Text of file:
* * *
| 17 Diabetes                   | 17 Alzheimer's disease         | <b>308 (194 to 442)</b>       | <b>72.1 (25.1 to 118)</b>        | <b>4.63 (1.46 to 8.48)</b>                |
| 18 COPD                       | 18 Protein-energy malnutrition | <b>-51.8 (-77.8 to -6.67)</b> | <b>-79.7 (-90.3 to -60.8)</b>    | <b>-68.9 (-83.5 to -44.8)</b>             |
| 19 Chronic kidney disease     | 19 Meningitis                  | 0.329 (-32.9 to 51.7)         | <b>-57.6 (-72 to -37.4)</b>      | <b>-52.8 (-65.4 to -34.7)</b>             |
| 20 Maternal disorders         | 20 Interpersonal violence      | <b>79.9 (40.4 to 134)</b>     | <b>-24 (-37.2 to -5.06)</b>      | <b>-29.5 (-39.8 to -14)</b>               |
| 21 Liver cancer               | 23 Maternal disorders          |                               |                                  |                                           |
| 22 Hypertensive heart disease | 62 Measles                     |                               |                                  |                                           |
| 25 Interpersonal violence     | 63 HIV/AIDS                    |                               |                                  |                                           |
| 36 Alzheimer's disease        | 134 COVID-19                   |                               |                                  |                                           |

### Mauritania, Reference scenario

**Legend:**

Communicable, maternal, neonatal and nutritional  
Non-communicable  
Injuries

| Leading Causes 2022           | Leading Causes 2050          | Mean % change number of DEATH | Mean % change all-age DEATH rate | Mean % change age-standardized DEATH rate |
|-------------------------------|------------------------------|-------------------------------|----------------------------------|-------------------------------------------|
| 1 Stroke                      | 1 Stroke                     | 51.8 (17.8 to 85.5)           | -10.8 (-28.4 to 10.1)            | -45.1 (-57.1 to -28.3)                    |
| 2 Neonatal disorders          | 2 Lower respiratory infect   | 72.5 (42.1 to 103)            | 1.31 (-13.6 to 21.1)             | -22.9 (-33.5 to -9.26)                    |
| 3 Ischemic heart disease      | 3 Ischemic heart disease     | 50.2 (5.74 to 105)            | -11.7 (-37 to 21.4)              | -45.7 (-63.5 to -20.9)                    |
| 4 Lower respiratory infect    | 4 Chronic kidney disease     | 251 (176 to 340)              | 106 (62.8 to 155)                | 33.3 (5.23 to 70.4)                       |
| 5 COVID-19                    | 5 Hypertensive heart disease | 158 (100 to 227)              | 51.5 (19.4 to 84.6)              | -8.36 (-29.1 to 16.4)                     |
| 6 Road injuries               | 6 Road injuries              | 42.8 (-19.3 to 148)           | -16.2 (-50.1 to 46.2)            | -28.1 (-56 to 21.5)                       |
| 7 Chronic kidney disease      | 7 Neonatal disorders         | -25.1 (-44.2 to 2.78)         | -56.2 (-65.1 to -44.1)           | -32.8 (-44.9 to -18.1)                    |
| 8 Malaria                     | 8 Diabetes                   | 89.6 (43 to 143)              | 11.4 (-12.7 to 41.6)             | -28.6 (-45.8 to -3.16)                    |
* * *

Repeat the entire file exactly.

| 17 Diabetes                   | 17 Alzheimer's disease         | <b>308 (194 to 442)</b>       | <b>72.1 (25.1 to 118)</b>        | <b>4.63 (1.46 to 8.48)</b>                |
| 18 COPD                       | 18 Protein-energy malnutrition | <b>-51.8 (-77.8 to -6.67)</b> | <b>-79.7 (-90.3 to -60.8)</b>    | <b>-68.9 (-83.5 to -44.8)</b>             |
| 19 Chronic kidney disease     | 19 Meningitis                  | 0.329 (-32.9 to 51.7)         | <b>-57.6 (-72 to -37.4)</b>      | <b>-52.8 (-65.4 to -34.7)</b>             |
| 20 Maternal disorders         | 20 Interpersonal violence      | <b>79.9 (40.4 to 134)</b>     | <b>-24 (-37.2 to -5.06)</b>      | <b>-29.5 (-39.8 to -14)</b>               |
| 21 Liver cancer               | 23 Maternal disorders          |                               |                                  |                                           |
| 22 Hypertensive heart disease | 62 Measles                     |                               |                                  |                                           |
| 25 Interpersonal violence     | 63 HIV/AIDS                    |                               |                                  |                                           |
| 36 Alzheimer's disease        | 134 COVID-19                   |                               |                                  |                                           |

### Mauritania, Reference scenario

**Legend:**

Communicable, maternal, neonatal and nutritional  
Non-communicable  
Injuries

| Leading Causes 2022           | Leading Causes 2050          | Mean % change number of DEATH | Mean % change all-age DEATH rate | Mean % change age-standardized DEATH rate |
|-------------------------------|------------------------------|-------------------------------|----------------------------------|-------------------------------------------|
| 1 Stroke                      | 1 Stroke                     | 51.8 (17.8 to 85.5)           | -10.8 (-28.4 to 10.1)            | -45.1 (-57.1 to -28.3)                    |
| 2 Neonatal disorders          | 2 Lower respiratory infect   | 72.5 (42.1 to 103)            | 1.31 (-13.6 to 21.1)             | -22.9 (-33.5 to -9.26)                    |
| 3 Ischemic heart disease      | 3 Ischemic heart disease     | 50.2 (5.74 to 105)            | -11.7 (-37 to 21.4)              | -45.7 (-63.5 to -20.9)                    |
| 4 Lower respiratory infect    | 4 Chronic kidney disease     | 251 (176 to 340)              | 106 (62.8 to 155)                | 33.3 (5.23 to 70.4)                       |
| 5 COVID-19                    | 5 Hypertensive heart disease | 158 (100 to 227)              | 51.5 (19.4 to 84.6)              | -8.36 (-29.1 to 16.4)                     |
| 6 Road injuries               | 6 Road injuries              | 42.8 (-19.3 to 148)           | -16.2 (-50.1 to 46.2)            | -28.1 (-56 to 21.5)                       |
| 7 Chronic kidney disease      | 7 Neonatal disorders         | -25.1 (-44.2 to 2.78)         | -56.2 (-65.1 to -44.1)           | -32.8 (-44.9 to -18.1)                    |
| 8 Malaria                     | 8 Diabetes                   | 89.6 (43 to 143)              | 11.4 (-12.7 to 41.6)             | -28.6 (-45.8 to -3.16)                    |